Norwegian women spend a great deal more time (two to three times as much) visiting friends or relatives than do American women. In both countries, visiting is highest in the youngest age category and least among college graduates, and is little affected by the hours per week spent at work. In the United States sample, visiting dropped significantly between families with one child and those with three or more; in Norway, family size had no significant affect.

TABLE 1

HOURS PER WEEK SPENT IN SELECTED TIME BUDGET CATEGORIES BY DEMOGRAPHICS--FEMALES--NORWEGIAN SAMPLE

It is in the area of sports and athletics that the greatest differences between the two countries emerge: very simply, Norwegians are "doers" and Americans are spectators. Norwegian women spend from two to four times as much time participating in sports or athletics than American women. While the American women spend only .6 to 1.1 hours per week as a spectator, this figure represents three to five times as much time as the expenditures of Norwegian women. While the data from both countries shows the same basic age-participation pattern, there is a much greater proportional increase in participation among Norwegian women with a college degree over those with only high school degrees than is the case in the United States. In both countries, participation is not significantly affected by family size or total household income.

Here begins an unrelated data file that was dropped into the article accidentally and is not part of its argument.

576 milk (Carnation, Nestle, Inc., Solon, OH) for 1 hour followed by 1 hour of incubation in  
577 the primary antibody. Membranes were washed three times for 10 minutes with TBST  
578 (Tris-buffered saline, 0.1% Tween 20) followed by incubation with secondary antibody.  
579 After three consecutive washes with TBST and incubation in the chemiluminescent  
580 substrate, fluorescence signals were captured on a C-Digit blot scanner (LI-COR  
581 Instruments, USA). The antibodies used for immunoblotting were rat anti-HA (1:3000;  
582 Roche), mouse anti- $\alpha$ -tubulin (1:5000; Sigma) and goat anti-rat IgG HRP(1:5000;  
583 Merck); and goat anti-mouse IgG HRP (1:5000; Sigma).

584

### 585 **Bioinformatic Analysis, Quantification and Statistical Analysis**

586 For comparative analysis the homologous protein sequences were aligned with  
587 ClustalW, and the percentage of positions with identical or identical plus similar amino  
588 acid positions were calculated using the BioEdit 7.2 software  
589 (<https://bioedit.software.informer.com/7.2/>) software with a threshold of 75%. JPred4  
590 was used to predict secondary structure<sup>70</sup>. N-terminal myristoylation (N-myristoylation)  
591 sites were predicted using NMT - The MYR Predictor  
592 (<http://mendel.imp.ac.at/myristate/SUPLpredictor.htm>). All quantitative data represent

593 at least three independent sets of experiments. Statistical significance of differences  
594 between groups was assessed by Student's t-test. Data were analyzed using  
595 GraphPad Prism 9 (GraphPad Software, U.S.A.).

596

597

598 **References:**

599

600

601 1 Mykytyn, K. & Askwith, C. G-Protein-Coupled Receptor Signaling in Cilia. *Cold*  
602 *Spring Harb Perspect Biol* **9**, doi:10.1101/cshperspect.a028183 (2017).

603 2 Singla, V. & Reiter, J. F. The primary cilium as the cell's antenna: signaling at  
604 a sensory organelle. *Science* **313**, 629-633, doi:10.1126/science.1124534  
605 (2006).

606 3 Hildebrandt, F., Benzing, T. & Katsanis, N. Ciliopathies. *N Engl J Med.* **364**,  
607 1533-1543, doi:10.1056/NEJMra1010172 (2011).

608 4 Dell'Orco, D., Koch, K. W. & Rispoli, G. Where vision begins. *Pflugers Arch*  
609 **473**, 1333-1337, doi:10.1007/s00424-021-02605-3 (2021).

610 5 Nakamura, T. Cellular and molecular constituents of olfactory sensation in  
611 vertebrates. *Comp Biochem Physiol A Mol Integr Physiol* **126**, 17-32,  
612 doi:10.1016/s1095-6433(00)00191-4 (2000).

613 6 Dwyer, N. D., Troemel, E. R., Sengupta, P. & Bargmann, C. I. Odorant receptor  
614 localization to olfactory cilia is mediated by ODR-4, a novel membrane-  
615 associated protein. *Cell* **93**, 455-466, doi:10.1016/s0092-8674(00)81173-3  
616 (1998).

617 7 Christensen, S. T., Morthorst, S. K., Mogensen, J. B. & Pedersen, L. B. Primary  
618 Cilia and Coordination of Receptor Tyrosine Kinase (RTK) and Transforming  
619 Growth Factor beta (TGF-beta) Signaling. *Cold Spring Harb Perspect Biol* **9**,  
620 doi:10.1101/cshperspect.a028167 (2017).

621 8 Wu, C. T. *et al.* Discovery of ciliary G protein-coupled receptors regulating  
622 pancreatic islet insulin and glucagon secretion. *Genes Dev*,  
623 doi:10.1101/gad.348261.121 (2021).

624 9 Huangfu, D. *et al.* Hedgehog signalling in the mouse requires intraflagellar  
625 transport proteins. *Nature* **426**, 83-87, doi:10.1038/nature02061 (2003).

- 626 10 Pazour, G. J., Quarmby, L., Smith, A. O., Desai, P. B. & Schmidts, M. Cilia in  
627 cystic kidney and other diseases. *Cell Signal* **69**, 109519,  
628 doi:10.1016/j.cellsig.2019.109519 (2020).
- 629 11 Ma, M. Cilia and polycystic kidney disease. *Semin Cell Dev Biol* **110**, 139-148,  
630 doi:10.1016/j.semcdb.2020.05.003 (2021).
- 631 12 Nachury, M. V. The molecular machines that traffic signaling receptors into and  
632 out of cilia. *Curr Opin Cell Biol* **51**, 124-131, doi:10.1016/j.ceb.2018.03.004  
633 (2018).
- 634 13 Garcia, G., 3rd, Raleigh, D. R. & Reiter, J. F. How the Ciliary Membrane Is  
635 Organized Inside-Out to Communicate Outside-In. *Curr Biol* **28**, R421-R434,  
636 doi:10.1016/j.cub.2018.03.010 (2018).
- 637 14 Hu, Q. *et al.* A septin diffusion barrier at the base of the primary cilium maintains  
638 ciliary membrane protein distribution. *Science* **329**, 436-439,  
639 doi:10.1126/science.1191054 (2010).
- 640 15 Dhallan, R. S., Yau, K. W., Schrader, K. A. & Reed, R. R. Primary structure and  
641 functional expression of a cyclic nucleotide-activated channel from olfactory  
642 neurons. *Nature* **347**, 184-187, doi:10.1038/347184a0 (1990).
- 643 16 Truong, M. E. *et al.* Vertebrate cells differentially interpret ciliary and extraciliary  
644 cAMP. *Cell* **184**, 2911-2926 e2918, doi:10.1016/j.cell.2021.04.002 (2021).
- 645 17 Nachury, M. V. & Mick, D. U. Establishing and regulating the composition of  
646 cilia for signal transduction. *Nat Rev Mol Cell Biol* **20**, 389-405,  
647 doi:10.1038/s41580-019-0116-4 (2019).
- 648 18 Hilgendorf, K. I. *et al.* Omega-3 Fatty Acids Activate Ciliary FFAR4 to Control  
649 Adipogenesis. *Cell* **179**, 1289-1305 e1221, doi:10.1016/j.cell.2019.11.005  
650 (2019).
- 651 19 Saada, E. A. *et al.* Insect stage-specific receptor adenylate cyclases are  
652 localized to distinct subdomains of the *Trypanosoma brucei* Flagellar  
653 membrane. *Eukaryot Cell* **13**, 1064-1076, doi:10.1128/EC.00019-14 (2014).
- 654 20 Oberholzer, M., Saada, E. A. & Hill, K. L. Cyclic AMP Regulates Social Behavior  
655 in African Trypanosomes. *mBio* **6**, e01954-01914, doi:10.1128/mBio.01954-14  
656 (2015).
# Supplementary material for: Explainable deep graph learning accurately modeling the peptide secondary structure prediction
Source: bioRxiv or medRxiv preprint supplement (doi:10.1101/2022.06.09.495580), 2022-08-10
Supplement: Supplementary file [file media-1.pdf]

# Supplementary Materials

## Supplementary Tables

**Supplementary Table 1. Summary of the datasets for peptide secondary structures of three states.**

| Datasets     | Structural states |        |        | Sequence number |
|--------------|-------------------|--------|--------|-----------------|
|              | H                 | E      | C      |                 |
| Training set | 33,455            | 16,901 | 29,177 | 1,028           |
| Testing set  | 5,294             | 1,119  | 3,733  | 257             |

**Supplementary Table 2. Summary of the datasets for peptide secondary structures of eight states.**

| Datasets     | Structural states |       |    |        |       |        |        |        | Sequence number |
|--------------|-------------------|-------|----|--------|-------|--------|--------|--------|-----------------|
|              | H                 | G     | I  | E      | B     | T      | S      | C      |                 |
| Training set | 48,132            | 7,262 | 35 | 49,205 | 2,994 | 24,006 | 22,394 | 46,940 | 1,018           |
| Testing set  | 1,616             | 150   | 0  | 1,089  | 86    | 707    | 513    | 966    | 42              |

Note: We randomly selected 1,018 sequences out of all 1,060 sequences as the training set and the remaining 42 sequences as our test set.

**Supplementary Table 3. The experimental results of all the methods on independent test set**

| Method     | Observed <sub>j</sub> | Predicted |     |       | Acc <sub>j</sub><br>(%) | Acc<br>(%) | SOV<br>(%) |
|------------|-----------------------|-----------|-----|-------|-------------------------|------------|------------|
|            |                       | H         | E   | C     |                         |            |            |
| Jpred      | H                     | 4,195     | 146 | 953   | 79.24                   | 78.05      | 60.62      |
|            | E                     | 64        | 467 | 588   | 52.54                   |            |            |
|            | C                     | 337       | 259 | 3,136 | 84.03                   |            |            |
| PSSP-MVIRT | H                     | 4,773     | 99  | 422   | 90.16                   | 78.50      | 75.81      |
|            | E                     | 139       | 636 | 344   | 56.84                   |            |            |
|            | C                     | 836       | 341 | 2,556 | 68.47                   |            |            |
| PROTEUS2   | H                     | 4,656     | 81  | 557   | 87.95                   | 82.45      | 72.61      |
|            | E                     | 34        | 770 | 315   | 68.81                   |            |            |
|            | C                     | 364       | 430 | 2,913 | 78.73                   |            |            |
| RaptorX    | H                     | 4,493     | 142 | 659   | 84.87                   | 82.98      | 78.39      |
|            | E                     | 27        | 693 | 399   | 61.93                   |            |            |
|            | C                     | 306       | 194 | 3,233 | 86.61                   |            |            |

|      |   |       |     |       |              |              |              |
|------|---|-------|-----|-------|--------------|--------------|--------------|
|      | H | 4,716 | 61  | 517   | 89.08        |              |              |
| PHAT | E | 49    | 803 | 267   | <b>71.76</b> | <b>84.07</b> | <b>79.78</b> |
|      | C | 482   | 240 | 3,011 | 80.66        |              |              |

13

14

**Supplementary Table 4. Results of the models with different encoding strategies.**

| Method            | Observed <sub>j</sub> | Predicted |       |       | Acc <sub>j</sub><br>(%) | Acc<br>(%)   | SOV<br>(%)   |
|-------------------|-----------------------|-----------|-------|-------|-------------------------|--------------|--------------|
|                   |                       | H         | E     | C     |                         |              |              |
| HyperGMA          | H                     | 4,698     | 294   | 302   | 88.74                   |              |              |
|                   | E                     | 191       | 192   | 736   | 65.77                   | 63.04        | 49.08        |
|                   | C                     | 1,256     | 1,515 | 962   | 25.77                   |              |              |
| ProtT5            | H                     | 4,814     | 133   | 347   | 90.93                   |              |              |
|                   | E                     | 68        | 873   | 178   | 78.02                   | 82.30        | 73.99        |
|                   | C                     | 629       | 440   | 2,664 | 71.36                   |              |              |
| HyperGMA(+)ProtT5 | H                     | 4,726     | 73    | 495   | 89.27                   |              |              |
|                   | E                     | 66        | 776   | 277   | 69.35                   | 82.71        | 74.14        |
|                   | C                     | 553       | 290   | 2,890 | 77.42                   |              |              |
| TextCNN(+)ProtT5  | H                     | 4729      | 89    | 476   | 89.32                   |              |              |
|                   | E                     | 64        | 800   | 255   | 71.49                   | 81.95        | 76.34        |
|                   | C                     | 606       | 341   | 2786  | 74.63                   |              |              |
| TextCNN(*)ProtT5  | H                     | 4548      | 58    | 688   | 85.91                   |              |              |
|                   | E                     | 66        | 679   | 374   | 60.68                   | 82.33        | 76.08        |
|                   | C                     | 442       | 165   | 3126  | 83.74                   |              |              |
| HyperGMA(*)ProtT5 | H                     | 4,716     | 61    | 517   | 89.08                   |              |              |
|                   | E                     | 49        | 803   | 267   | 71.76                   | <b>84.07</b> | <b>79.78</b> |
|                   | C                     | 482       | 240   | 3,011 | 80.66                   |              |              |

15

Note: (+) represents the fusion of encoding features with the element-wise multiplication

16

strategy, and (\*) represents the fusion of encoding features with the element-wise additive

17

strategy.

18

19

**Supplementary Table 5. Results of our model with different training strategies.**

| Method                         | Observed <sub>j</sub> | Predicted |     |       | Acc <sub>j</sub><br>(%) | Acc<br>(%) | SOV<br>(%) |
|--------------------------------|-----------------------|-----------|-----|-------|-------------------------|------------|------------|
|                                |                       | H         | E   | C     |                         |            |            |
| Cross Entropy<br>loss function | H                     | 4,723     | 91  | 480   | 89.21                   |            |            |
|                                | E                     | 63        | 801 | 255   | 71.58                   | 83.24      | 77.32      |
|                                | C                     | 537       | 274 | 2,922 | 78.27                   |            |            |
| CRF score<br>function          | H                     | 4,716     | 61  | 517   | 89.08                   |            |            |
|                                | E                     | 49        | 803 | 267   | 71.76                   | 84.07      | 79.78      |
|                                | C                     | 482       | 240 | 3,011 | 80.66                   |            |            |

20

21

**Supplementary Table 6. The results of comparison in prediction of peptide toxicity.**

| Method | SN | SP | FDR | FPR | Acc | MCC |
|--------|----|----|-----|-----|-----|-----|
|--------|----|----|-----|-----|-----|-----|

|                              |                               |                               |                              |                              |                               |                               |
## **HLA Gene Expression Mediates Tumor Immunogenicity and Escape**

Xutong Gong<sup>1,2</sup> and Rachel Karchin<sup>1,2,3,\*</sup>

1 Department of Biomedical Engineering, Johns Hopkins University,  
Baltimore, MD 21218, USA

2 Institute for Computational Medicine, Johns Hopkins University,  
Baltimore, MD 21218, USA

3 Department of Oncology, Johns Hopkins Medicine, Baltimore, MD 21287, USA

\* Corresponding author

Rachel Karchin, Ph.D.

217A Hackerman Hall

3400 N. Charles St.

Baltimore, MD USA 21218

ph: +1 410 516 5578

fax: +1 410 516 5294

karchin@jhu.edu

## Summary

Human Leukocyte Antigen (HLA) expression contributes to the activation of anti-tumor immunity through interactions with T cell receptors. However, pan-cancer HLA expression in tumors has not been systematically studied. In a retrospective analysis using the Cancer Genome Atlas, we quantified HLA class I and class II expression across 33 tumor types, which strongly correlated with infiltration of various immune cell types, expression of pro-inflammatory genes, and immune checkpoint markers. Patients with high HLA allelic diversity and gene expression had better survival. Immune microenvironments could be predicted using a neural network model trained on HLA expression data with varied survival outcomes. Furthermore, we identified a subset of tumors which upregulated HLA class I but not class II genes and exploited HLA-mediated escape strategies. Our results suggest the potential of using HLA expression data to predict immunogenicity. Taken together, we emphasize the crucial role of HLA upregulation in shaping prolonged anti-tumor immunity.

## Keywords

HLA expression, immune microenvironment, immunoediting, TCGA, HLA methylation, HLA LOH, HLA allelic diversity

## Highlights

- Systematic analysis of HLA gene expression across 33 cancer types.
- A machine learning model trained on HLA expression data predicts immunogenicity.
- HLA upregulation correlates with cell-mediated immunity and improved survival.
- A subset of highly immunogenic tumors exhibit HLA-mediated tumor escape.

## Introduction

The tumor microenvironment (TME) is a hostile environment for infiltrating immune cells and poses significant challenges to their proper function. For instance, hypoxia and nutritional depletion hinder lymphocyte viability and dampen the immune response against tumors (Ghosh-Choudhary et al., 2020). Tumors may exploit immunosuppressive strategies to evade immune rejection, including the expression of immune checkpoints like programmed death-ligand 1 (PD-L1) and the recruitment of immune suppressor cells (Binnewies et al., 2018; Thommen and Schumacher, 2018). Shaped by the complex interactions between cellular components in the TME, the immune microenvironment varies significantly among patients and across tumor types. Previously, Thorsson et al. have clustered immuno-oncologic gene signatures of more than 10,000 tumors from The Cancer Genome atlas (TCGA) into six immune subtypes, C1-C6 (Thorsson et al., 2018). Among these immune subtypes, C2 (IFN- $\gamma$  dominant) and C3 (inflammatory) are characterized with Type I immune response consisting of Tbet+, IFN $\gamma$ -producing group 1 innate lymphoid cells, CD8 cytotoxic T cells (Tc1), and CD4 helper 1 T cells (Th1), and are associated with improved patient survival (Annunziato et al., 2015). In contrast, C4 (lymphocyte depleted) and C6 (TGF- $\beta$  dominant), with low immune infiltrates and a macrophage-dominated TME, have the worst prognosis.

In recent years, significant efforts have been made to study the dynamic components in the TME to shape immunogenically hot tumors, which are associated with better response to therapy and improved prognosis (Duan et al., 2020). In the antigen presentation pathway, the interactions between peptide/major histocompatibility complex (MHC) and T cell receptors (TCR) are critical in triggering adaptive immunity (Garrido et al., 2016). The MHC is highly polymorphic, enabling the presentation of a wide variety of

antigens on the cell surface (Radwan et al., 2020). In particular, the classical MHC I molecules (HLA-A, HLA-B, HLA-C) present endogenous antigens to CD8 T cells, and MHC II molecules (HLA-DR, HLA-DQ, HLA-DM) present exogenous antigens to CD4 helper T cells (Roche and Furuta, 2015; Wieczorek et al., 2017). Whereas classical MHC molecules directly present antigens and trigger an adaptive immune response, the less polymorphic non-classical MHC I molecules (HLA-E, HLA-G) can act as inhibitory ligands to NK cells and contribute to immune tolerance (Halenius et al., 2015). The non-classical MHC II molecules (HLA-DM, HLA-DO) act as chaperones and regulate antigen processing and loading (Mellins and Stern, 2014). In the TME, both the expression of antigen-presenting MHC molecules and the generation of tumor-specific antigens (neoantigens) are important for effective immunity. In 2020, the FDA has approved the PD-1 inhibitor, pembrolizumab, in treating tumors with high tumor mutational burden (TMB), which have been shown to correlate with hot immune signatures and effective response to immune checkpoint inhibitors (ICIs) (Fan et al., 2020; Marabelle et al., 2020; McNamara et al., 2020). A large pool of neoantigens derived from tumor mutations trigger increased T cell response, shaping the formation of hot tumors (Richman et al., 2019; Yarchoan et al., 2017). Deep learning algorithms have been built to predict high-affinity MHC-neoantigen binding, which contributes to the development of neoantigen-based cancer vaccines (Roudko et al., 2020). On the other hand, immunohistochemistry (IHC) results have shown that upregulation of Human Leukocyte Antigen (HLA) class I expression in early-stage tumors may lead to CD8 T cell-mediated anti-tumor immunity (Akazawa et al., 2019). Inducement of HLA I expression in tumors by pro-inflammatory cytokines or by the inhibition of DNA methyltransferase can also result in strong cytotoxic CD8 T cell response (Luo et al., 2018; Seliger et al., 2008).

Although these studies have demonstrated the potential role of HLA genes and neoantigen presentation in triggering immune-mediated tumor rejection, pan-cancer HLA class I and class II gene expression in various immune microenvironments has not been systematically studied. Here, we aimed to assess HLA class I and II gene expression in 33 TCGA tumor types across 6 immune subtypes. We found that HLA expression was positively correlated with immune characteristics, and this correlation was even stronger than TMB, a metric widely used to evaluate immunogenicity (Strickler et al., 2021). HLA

Women in the United States sample indicated that they spend much more time in non-sports-related entertainment outside the home--from three to more than seven times as much--than their Norwegian counterparts. In both countries, it is the youngest, best educated, highest income women who go out the most in comparison with those in the other categories of these demographic variables. Larger families do not deter women from going out in either country. Again, American women who work long hours are much more likely than their Norwegian counterparts to find time for this type of leisure-time activity.

Male Respondents